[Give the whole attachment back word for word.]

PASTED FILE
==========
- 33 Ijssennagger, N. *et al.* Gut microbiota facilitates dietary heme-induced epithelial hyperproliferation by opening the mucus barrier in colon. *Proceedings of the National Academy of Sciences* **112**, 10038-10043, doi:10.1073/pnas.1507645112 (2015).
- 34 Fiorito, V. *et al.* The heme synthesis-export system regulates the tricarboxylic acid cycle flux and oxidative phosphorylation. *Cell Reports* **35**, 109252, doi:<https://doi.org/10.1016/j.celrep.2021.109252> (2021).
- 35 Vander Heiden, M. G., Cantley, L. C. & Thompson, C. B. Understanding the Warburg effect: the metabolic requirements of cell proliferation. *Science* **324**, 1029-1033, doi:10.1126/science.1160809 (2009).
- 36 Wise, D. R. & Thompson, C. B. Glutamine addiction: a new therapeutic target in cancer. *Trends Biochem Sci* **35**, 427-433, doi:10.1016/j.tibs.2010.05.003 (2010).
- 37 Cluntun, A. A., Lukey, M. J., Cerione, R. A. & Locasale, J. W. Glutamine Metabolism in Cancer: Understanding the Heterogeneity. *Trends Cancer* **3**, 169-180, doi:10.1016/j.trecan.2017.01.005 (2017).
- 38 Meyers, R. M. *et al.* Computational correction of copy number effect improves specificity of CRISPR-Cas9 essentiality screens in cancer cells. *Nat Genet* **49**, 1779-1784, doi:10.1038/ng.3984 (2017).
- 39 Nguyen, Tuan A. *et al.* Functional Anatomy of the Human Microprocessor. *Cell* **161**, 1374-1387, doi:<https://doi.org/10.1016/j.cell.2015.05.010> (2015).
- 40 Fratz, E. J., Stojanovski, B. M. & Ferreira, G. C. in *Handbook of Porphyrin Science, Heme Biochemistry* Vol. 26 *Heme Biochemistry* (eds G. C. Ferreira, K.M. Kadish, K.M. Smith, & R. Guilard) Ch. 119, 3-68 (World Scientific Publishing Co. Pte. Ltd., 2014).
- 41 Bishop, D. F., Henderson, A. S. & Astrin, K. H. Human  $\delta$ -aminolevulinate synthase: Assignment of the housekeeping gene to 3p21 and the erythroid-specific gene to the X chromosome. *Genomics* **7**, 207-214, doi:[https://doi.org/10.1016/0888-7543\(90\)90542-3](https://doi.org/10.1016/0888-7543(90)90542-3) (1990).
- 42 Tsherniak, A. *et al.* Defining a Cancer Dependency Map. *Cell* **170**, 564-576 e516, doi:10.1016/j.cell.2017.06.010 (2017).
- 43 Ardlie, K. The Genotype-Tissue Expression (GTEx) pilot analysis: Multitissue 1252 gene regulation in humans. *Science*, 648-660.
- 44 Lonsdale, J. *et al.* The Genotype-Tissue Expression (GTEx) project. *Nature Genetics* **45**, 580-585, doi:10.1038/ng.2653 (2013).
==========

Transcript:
- 33 Ijssennagger, N. *et al.* Gut microbiota facilitates dietary heme-induced epithelial hyperproliferation by opening the mucus barrier in colon. *Proceedings of the National Academy of Sciences* **112**, 10038-10043, doi:10.1073/pnas.1507645112 (2015).
- 34 Fiorito, V. *et al.* The heme synthesis-export system regulates the tricarboxylic acid cycle flux and oxidative phosphorylation. *Cell Reports* **35**, 109252, doi:<https://doi.org/10.1016/j.celrep.2021.109252> (2021).
- 35 Vander Heiden, M. G., Cantley, L. C. & Thompson, C. B. Understanding the Warburg effect: the metabolic requirements of cell proliferation. *Science* **324**, 1029-1033, doi:10.1126/science.1160809 (2009).
- 36 Wise, D. R. & Thompson, C. B. Glutamine addiction: a new therapeutic target in cancer. *Trends Biochem Sci* **35**, 427-433, doi:10.1016/j.tibs.2010.05.003 (2010).
- 37 Cluntun, A. A., Lukey, M. J., Cerione, R. A. & Locasale, J. W. Glutamine Metabolism in Cancer: Understanding the Heterogeneity. *Trends Cancer* **3**, 169-180, doi:10.1016/j.trecan.2017.01.005 (2017).
- 38 Meyers, R. M. *et al.* Computational correction of copy number effect improves specificity of CRISPR-Cas9 essentiality screens in cancer cells. *Nat Genet* **49**, 1779-1784, doi:10.1038/ng.3984 (2017).
- 39 Nguyen, Tuan A. *et al.* Functional Anatomy of the Human Microprocessor. *Cell* **161**, 1374-1387, doi:<https://doi.org/10.1016/j.cell.2015.05.010> (2015).
- 40 Fratz, E. J., Stojanovski, B. M. & Ferreira, G. C. in *Handbook of Porphyrin Science, Heme Biochemistry* Vol. 26 *Heme Biochemistry* (eds G. C. Ferreira, K.M. Kadish, K.M. Smith, & R. Guilard) Ch. 119, 3-68 (World Scientific Publishing Co. Pte. Ltd., 2014).
- 41 Bishop, D. F., Henderson, A. S. & Astrin, K. H. Human  $\delta$ -aminolevulinate synthase: Assignment of the housekeeping gene to 3p21 and the erythroid-specific gene to the X chromosome. *Genomics* **7**, 207-214, doi:[https://doi.org/10.1016/0888-7543\(90\)90542-3](https://doi.org/10.1016/0888-7543(90)90542-3) (1990).
- 42 Tsherniak, A. *et al.* Defining a Cancer Dependency Map. *Cell* **170**, 564-576 e516, doi:10.1016/j.cell.2017.06.010 (2017).
- 43 Ardlie, K. The Genotype-Tissue Expression (GTEx) pilot analysis: Multitissue 1252 gene regulation in humans. *Science*, 648-660.
- 44 Lonsdale, J. *et al.* The Genotype-Tissue Expression (GTEx) project. *Nature Genetics* **45**, 580-585, doi:10.1038/ng.2653 (2013).